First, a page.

Today’s burning question: Can a fire department legally conduct a criminal background check on applicants? I thought background checks were illegal now in most states except for law enforcement positions.
Answer: While the laws pertaining to criminal background checks have gotten more complex, there usually is a way for a fire department to evaluate an applicant’s criminal history. This area is governed by both state and federal law.
An excellent overview of the federal laws governing background checks can be found on the EEOC’s web site. Among the concerns:
- That background checks not be used as a tool of discrimination.
- That any checks done be conducted in accordance with other federal law including the Fair Credit Reporting Act.
- The applicant must be informed that their criminal background will be considered in evaluating their suitability for the position.
- The applicant must provide written permission to conduct the background check.
The advice from the EEOC:
- Apply the same standards to everyone, regardless of their race, national origin, color, sex, religion, disability, genetic information (including family medical history), or age (40 or older). For example, if you don’t reject applicants of one ethnicity with certain financial histories or criminal records, you can’t reject applicants of other ethnicities because they have the same or similar financial histories or criminal records.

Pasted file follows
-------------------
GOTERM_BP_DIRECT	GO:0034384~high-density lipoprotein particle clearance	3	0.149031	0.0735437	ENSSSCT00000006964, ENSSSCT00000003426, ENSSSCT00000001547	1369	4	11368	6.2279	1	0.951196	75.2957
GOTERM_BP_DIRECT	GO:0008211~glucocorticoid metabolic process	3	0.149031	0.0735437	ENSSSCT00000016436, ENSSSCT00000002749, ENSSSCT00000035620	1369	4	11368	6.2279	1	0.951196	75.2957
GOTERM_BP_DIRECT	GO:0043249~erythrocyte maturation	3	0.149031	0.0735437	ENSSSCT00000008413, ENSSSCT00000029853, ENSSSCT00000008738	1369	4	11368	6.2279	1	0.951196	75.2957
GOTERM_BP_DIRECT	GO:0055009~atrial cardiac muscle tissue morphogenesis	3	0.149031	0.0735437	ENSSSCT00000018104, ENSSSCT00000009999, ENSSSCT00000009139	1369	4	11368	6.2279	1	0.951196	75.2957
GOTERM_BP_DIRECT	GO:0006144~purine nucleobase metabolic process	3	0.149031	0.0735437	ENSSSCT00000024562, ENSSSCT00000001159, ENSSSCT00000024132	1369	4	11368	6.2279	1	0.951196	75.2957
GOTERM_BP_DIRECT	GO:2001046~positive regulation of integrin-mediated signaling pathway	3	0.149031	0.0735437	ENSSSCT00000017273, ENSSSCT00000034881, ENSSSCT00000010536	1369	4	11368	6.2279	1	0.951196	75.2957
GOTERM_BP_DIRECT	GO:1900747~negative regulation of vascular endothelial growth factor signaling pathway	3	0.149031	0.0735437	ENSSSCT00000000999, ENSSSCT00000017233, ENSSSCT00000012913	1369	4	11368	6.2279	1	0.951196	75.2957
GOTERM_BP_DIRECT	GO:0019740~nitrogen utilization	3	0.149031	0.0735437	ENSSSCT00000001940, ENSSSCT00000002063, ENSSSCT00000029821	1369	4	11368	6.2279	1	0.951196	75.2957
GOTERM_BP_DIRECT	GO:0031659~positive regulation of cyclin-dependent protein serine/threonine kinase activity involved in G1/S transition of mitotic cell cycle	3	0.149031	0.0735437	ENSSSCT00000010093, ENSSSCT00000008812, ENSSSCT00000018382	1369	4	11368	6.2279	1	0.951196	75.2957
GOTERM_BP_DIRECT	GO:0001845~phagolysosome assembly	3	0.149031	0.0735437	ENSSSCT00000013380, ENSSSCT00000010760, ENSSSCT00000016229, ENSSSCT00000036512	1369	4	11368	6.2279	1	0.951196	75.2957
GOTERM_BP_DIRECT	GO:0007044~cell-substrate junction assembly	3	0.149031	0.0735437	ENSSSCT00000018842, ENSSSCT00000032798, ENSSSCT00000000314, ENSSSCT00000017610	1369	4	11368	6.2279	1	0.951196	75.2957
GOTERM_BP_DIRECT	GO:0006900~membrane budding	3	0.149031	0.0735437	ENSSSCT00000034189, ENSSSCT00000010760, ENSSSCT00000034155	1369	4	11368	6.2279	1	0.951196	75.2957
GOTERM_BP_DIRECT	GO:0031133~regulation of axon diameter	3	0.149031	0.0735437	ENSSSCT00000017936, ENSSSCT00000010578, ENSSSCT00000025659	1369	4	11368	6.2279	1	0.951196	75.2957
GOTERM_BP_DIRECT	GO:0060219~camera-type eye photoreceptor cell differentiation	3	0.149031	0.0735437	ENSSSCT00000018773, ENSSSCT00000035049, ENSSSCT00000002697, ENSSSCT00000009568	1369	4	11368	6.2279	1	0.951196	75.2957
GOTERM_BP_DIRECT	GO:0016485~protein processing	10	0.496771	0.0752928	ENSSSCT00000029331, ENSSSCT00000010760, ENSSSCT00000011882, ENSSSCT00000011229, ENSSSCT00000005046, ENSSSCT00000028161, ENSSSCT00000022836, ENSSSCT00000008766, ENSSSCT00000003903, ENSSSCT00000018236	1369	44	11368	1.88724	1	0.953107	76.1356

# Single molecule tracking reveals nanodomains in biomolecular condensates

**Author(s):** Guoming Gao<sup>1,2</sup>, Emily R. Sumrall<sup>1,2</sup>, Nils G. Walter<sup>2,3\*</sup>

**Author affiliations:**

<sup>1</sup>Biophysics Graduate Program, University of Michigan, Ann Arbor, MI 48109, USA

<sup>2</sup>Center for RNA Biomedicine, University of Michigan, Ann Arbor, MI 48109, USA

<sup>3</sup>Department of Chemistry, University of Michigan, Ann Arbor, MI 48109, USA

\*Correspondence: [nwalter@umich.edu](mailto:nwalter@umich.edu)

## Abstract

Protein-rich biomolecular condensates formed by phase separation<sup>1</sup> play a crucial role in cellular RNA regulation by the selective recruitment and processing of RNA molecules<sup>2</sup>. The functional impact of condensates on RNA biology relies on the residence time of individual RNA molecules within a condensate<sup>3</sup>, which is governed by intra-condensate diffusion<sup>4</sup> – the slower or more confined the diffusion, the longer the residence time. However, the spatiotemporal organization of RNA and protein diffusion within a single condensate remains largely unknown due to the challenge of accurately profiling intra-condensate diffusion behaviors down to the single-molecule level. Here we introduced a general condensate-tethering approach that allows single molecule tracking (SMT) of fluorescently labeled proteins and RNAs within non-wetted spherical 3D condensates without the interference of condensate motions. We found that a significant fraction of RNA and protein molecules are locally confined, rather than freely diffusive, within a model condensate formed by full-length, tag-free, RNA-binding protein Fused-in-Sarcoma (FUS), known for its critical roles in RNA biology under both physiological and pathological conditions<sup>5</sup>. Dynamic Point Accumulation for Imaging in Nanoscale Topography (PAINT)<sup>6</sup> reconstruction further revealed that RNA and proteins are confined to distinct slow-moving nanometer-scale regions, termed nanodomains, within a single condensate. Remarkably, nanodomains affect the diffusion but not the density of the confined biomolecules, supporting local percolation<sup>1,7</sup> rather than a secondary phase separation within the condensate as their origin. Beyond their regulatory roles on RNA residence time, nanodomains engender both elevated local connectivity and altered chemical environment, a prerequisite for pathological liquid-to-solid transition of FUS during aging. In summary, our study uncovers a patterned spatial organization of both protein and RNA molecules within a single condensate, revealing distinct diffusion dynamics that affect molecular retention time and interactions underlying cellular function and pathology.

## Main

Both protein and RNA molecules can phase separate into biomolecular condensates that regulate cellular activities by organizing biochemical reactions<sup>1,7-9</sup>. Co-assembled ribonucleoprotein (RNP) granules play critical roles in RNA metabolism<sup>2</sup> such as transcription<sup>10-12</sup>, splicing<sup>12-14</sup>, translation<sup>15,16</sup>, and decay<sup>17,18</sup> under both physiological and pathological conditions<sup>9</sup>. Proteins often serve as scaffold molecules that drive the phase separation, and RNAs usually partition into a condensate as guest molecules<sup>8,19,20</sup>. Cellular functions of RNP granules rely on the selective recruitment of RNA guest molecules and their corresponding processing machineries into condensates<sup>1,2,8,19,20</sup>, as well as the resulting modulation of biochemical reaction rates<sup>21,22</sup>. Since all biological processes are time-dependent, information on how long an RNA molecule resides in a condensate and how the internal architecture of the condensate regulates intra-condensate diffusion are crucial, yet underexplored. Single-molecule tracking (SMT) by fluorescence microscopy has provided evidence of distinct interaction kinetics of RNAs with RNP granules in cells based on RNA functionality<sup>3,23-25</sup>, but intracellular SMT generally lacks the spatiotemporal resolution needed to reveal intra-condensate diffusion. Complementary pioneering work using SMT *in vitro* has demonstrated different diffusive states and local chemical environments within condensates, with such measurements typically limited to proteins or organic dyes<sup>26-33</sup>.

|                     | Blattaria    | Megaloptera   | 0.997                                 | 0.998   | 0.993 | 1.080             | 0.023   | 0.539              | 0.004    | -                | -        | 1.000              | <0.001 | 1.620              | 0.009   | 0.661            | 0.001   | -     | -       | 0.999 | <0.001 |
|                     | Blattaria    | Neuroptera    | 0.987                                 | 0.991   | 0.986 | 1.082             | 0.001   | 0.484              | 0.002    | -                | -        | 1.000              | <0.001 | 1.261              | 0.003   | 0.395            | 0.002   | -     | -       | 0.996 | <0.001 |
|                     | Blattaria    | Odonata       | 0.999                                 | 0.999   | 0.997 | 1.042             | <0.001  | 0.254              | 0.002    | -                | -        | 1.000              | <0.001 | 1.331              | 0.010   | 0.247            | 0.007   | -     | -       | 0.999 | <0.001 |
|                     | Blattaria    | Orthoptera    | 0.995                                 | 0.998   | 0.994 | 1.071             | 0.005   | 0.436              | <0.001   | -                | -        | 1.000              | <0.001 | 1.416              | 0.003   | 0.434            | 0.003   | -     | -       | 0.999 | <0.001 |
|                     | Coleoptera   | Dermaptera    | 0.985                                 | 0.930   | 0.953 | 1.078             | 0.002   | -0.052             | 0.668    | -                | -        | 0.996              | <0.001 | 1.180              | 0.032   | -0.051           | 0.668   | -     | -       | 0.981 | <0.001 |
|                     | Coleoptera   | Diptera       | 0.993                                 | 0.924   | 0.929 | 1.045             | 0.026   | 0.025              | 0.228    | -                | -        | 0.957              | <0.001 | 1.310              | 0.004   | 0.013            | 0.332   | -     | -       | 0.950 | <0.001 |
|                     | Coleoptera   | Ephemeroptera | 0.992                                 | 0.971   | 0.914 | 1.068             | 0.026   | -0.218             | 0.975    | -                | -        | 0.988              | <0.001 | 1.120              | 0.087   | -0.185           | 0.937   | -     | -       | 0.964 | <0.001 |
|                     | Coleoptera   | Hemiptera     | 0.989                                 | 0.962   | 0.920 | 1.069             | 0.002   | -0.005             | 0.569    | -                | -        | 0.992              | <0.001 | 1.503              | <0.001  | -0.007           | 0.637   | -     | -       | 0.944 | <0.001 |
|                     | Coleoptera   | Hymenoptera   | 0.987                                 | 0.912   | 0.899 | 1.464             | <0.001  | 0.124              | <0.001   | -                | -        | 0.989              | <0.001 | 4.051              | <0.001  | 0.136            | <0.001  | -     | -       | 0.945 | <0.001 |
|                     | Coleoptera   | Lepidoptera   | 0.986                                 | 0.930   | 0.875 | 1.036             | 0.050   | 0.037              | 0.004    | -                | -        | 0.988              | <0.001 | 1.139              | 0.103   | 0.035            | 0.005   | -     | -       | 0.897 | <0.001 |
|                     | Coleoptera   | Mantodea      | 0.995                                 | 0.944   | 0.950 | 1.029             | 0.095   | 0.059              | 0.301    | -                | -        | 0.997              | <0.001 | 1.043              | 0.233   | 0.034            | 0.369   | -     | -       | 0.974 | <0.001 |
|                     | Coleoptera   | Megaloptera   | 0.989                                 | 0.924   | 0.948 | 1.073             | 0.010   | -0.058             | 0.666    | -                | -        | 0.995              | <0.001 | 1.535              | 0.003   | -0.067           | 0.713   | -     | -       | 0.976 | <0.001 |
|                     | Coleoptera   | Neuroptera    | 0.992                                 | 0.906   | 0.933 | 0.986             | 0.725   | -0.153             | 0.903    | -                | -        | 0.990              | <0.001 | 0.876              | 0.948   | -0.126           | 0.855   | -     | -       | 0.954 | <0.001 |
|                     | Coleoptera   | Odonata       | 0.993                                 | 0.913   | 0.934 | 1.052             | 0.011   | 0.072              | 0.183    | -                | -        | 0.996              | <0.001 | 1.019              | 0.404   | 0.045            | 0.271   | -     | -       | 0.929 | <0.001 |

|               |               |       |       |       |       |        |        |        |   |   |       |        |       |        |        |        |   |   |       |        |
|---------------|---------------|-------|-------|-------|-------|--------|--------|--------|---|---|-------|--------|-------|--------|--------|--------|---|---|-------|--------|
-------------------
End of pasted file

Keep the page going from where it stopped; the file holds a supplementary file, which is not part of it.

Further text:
- Take special care when basing employment decisions on background problems that may be more common among people of a certain race, color, national origin, sex, or religion; among people who have a disability; or among people age 40 or older. For example, employers should not use a policy or practice that excludes people with certain criminal records if the policy or practice significantly disadvantages individuals of a particular race, national origin, or another protected characteristic, and does not accurately predict who will be a responsible, reliable, or safe employee. In legal terms, the policy or practice has a “disparate impact” and is not “job related and consistent with business necessity.”
- Be prepared to make exceptions for problems revealed during a background check that were caused by a disability. For example, if you are inclined not to hire a person because of a problem caused by a disability, you should allow the person to demonstrate his or her ability to do the job – despite the negative background information – unless doing so would cause significant financial or operational difficulty.
In regards to state law, some states have adopted stricter limitations on the conducting and/or use of criminal background checks. In states that limit a fire department from actually conducting a criminal background check, an alternative may be to have the applicant supply a certified copy of their criminal background check. Some jurisdictions limit an employer from conducting a background check until after the employee has been given a conditional offer of employment. A number of states prohibit the use of an arrest in making an employment decision, requiring instead consideration only of convictions.
The EEOC also has some excellent guidance for the use of arrest and conviction information.
The bottom line: check with legal counsel in your state to know whether you can perform a background check and/or how information from a background check can be used.